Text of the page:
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Military tuition cuts: A tangible sequester impact

A faculty member of the The United States Military Academy takes a a photo of the graduation and commissioning ceremony May 26, 2012 in West Point, N.Y.

It's been ten days since those automatic spending cuts went into effect, and there are folks making tough decisions all across the country. Two branches of the military -- the Army and the Marines -- have decided they're not taking any new applications for a program that offers tuition assistance to active duty service members. 

Last year, more than half a million of them got that help, to go to night school, to take classes online. Gordon Adams, a professor at the American University School of International Service, calls the program “useful.” 

“They can both get a degree and do their active service at the same time,” Adams said.

According to Adams, this is a popular program, and in the context of the whole Pentagon budget, it’s not that expensive. All branches of the military spent just half a billion dollars on tuition assistance last year. 

But Larry Korb, a senior fellow at the Center for American Progress, says it’s an attention-grabber. It’s the kind of cut that leads constituents to call Congress. “'Wait a second -- these kids who sacrificed so much for us, you mean you’re going to prevent them from going to school?'”

This won’t affect service members who are currently getting tuition benefits, but it is sure to affect many of the schools they’re enrolled in -- especially for-profit colleges and universities. Last year, more than two-thirds of these benefits paid for “distance learning” classes.

The recommendation to freeze tuition benefits came from the Secretary of Defense’s budget advisor.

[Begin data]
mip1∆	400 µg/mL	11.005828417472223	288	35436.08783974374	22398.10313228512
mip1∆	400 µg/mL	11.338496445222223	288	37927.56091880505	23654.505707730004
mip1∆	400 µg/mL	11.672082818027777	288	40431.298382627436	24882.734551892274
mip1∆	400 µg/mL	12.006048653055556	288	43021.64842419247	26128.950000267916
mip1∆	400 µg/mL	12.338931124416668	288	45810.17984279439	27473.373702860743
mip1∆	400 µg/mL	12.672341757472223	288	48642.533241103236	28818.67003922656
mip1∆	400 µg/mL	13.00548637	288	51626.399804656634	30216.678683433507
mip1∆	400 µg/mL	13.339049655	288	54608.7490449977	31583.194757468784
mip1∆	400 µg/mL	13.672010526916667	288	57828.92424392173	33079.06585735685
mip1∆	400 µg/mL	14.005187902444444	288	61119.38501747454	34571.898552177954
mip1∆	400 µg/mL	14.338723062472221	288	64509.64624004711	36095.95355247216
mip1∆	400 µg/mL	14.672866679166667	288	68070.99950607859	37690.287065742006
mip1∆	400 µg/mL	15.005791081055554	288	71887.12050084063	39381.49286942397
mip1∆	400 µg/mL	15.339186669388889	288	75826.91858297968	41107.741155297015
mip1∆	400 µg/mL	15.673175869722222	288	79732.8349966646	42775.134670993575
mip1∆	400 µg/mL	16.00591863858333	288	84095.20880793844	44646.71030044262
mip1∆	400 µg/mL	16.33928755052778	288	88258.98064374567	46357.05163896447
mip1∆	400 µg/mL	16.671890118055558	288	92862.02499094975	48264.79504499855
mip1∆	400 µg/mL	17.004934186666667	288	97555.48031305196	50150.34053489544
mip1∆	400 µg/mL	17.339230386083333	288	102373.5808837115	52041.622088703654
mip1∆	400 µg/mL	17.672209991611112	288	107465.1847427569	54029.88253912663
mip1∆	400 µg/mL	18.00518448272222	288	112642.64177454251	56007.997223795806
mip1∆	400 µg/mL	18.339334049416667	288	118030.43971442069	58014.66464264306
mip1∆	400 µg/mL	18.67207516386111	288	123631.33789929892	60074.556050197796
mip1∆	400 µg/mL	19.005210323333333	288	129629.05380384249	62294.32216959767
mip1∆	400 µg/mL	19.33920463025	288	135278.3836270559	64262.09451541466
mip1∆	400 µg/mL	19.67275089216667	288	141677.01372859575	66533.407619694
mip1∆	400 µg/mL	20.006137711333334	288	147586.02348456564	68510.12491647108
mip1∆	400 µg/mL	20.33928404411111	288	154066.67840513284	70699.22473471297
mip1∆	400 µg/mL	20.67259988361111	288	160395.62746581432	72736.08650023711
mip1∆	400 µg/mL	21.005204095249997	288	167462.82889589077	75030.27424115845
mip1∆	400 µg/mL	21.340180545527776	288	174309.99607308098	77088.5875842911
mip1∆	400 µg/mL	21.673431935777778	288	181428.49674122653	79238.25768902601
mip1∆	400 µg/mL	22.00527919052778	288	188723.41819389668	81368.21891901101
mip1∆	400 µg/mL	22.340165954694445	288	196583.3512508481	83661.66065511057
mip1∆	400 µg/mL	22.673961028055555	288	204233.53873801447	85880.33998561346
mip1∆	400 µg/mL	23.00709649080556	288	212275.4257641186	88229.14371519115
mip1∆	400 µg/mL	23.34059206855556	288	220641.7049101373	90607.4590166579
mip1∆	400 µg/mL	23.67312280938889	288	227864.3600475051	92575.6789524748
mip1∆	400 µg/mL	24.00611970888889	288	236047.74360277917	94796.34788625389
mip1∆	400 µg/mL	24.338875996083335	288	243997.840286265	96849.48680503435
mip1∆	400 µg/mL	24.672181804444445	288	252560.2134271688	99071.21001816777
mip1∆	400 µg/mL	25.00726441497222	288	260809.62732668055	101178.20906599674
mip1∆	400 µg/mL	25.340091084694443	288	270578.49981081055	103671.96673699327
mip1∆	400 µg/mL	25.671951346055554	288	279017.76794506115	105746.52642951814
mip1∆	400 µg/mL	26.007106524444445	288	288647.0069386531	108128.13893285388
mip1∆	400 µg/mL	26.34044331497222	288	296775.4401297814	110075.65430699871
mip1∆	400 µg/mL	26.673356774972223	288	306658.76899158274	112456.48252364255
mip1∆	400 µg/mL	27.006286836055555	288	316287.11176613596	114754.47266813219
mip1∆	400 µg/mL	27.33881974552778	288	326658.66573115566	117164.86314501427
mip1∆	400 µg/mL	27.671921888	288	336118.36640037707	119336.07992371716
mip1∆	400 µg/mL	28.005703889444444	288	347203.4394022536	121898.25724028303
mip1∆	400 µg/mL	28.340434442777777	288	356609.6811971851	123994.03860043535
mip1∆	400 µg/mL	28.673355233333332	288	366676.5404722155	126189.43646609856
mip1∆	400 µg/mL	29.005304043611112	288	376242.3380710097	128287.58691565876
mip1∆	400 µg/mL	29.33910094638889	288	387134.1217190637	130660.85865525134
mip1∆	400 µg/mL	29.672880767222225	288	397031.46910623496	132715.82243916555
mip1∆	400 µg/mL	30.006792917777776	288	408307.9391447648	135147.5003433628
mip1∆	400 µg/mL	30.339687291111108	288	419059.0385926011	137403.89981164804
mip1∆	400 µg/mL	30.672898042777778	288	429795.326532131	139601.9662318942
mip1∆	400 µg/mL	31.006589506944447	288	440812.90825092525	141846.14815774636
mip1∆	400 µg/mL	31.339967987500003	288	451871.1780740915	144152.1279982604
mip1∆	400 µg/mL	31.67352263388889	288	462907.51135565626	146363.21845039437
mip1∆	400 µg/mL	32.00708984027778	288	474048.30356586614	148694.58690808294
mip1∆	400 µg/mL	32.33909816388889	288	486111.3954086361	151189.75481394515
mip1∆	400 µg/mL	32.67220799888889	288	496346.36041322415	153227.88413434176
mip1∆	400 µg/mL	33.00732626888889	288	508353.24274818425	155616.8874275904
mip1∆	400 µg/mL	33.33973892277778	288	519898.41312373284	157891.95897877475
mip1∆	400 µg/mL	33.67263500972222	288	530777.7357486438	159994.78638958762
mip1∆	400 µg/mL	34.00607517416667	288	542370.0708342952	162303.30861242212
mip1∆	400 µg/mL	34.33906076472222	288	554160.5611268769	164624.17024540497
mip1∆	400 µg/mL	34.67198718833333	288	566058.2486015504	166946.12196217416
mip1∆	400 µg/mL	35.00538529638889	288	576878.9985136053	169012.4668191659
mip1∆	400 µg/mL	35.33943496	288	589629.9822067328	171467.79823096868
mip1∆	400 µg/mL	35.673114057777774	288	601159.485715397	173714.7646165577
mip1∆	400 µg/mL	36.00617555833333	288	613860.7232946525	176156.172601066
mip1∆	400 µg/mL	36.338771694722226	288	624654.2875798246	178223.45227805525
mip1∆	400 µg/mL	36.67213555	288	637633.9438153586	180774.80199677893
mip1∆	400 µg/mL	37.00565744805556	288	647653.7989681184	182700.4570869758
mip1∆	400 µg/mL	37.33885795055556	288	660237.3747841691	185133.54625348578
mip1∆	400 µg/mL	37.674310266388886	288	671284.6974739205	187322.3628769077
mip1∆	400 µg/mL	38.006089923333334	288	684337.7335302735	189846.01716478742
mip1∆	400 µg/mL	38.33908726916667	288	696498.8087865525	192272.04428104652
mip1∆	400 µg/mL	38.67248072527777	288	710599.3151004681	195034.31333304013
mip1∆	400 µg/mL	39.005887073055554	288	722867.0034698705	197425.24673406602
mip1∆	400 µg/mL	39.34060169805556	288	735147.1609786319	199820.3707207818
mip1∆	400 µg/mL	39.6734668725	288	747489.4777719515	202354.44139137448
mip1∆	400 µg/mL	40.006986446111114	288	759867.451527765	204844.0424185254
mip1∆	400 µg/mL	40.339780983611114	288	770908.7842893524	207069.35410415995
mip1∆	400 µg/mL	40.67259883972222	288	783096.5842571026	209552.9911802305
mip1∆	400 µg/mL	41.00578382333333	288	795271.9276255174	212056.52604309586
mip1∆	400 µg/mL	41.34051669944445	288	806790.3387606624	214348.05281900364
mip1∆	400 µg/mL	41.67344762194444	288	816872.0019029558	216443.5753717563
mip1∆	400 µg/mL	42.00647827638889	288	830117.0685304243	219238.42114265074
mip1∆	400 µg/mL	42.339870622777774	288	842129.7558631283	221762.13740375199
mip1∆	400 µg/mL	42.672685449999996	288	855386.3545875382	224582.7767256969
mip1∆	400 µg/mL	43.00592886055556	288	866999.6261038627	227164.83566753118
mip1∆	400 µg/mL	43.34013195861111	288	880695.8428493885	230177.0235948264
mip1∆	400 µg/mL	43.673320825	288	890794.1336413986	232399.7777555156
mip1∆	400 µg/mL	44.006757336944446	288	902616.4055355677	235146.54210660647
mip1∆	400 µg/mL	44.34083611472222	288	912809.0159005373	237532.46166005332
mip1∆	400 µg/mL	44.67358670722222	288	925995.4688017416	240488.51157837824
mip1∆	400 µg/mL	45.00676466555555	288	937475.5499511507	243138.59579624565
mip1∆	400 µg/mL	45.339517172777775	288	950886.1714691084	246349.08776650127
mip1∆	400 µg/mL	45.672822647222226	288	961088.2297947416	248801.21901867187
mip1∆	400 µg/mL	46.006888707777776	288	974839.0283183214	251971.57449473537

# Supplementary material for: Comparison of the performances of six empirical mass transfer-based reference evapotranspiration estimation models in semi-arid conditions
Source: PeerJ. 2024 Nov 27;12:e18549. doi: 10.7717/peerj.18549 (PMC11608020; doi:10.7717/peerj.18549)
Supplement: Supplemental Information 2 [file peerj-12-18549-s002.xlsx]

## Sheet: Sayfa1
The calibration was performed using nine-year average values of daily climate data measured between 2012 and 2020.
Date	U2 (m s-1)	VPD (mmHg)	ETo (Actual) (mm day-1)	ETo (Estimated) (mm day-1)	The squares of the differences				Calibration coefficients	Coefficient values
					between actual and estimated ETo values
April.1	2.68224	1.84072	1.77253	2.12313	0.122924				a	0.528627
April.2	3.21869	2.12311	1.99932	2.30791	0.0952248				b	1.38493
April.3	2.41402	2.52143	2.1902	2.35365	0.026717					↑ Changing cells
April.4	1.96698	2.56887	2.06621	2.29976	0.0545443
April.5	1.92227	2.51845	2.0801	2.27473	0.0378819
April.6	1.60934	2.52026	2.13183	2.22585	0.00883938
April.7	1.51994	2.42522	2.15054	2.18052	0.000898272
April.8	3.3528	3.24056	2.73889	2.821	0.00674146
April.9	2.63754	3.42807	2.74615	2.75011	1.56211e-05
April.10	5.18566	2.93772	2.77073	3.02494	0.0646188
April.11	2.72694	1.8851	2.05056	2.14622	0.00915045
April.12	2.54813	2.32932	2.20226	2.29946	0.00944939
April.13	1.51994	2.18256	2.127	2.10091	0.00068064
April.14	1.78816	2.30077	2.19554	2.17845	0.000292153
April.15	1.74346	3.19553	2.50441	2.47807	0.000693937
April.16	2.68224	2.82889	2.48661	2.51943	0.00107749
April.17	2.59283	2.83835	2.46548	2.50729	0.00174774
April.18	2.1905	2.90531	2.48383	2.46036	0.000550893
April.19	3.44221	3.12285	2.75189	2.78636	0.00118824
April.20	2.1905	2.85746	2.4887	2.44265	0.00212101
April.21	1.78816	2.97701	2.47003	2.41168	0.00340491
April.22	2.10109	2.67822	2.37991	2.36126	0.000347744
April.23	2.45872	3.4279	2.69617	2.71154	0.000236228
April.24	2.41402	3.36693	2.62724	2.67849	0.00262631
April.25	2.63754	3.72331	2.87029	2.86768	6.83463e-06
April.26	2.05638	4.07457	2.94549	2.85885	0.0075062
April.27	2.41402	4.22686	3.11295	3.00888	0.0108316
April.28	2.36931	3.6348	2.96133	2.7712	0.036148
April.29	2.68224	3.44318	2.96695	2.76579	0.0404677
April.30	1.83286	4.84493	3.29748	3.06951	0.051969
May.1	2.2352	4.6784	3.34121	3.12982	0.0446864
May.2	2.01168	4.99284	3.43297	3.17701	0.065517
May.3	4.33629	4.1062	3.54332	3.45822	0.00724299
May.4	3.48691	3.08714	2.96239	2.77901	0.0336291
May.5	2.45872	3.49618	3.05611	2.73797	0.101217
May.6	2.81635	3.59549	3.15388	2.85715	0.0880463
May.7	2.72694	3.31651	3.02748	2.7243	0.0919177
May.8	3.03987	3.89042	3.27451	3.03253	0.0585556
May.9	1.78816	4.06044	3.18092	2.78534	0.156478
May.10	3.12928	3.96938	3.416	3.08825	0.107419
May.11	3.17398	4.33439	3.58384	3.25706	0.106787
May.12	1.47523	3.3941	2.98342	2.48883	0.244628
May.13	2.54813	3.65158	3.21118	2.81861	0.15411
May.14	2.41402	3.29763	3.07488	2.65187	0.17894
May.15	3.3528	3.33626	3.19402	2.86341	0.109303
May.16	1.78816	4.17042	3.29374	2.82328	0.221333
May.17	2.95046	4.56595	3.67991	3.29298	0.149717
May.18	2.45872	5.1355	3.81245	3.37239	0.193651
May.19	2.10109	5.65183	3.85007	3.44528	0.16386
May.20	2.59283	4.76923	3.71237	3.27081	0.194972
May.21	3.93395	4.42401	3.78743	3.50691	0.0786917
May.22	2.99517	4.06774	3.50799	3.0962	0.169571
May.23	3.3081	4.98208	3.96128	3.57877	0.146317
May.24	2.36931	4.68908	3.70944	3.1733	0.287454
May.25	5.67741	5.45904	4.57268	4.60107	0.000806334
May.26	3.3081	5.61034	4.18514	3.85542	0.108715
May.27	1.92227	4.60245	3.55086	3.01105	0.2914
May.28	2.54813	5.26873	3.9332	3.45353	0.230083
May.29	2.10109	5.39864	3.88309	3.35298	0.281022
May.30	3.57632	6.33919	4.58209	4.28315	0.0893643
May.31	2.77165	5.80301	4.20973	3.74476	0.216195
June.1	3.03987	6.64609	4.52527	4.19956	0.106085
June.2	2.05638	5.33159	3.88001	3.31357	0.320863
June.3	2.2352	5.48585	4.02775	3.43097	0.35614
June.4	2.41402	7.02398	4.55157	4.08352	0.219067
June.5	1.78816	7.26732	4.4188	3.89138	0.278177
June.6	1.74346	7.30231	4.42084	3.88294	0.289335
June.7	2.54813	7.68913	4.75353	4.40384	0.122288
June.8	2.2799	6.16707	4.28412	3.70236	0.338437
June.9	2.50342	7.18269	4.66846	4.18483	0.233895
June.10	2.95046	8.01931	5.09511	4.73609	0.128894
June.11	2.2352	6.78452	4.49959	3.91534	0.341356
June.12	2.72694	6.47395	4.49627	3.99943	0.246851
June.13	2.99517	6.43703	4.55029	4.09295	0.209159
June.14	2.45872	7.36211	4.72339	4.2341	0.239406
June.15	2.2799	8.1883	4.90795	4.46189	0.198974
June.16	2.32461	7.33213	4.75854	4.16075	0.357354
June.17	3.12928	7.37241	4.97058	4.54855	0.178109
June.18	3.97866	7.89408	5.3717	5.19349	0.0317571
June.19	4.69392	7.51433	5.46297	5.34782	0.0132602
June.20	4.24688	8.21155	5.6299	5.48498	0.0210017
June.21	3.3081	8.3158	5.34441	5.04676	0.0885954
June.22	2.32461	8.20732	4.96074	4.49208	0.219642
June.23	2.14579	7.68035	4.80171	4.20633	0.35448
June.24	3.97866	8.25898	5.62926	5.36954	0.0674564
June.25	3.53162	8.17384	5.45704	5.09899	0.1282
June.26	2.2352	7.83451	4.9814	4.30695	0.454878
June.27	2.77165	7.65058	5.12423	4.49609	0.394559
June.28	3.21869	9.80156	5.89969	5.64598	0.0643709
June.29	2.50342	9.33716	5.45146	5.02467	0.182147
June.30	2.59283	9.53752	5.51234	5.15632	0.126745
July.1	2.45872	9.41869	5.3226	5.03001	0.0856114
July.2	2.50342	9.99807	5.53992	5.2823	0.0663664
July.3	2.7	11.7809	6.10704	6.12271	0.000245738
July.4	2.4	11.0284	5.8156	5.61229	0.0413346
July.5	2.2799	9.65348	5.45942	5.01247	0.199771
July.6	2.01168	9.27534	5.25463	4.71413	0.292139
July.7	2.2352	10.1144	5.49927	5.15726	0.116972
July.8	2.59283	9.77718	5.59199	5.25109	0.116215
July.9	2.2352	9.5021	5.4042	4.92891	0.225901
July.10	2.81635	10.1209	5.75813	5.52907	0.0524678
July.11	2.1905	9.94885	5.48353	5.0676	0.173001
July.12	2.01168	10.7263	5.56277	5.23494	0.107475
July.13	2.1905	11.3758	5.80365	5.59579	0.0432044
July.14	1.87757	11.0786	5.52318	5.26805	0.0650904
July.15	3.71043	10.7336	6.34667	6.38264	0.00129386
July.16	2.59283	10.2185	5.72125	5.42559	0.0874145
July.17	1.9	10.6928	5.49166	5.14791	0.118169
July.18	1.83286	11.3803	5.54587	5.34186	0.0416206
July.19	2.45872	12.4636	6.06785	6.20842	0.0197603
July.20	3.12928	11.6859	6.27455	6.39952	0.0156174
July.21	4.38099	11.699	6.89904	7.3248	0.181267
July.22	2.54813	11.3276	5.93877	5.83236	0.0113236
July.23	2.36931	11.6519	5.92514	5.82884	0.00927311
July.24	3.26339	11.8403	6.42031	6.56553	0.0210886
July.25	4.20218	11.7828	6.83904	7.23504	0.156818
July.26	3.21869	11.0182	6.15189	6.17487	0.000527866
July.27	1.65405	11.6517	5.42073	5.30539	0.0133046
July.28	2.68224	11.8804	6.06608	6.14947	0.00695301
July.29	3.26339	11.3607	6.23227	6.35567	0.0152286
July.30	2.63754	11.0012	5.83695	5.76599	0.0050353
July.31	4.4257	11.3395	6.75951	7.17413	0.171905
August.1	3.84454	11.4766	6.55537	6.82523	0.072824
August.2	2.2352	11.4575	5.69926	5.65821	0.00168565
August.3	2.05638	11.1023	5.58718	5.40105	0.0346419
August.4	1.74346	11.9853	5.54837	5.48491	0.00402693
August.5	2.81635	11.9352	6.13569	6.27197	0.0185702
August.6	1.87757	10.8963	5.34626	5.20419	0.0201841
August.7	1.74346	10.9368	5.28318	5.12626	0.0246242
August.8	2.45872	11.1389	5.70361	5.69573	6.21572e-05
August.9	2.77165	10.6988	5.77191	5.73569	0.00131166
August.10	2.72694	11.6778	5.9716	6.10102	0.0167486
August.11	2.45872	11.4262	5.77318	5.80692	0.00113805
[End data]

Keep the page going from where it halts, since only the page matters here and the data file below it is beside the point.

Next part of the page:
“Under sequestration, we’ve got to cut roughly $46 billion says Cmdr. Leslie Hull-Ryde, a Defense Department spokesperson. “That’s about 9 percent from every Defense account except for military personnel funding.”

The Navy and the Air Force say they will make announcements on their own tuition-assistance programs soon. In the meantime, the Army says it will consider reinstating the benefits for active duty soldiers if the budget situation improves. 

To be clear, these cuts don’t affect veterans. The GI Bill -- a much larger program -- is sequester-proof.

About the author

David Gura is a reporter for Marketplace, based in the Washington, D.C. bureau.
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What we need to do is redefine what we want our military to do. We need to stop being the worlds police and cut back on the scope of what we expect our military to accomplish. Then we can budget accordingly. What I don't like are forcing budget cuts, and then saying "you still have the same responsibilities".

Is anyone deceived as to what's really going on here?

Big Zero is crazy like a fox. He's removing all the FAMILY-ORIENTED incentives to enlist -- tuition assistance, on-base schools, commissaries, "restructuring" the entire military insurance program (if you thought it was horrid before -- and it was -- just wait 'til it looks like Obamacare) that previously attracted good kids from lower-income families who just want a chance at the American dream. And who will step in to fill the hole? The newly-legalized homosexual activists who just want a chance at a soapbox. Seriously, less than 5% of homosexual couples in the states where same-sex marriage has been legalized have any interest in getting married theirownselves, they're just Making A Point. So just imagine how family-related payouts to military will now drop like the proverbial stone. Oh, and also don't forget, now that abortion is for all intents and purposes FREE, we'll also be seeing a precipitous drop in full-term pregnancies among active-duty women. No families here, nope nope nope.

Please trust me on this, I'm less than a year away from my PhD in economics and my MBA Healthcare military husband tracks these stats as part of his active duty. If you don't believe me now, you will in a year or two.

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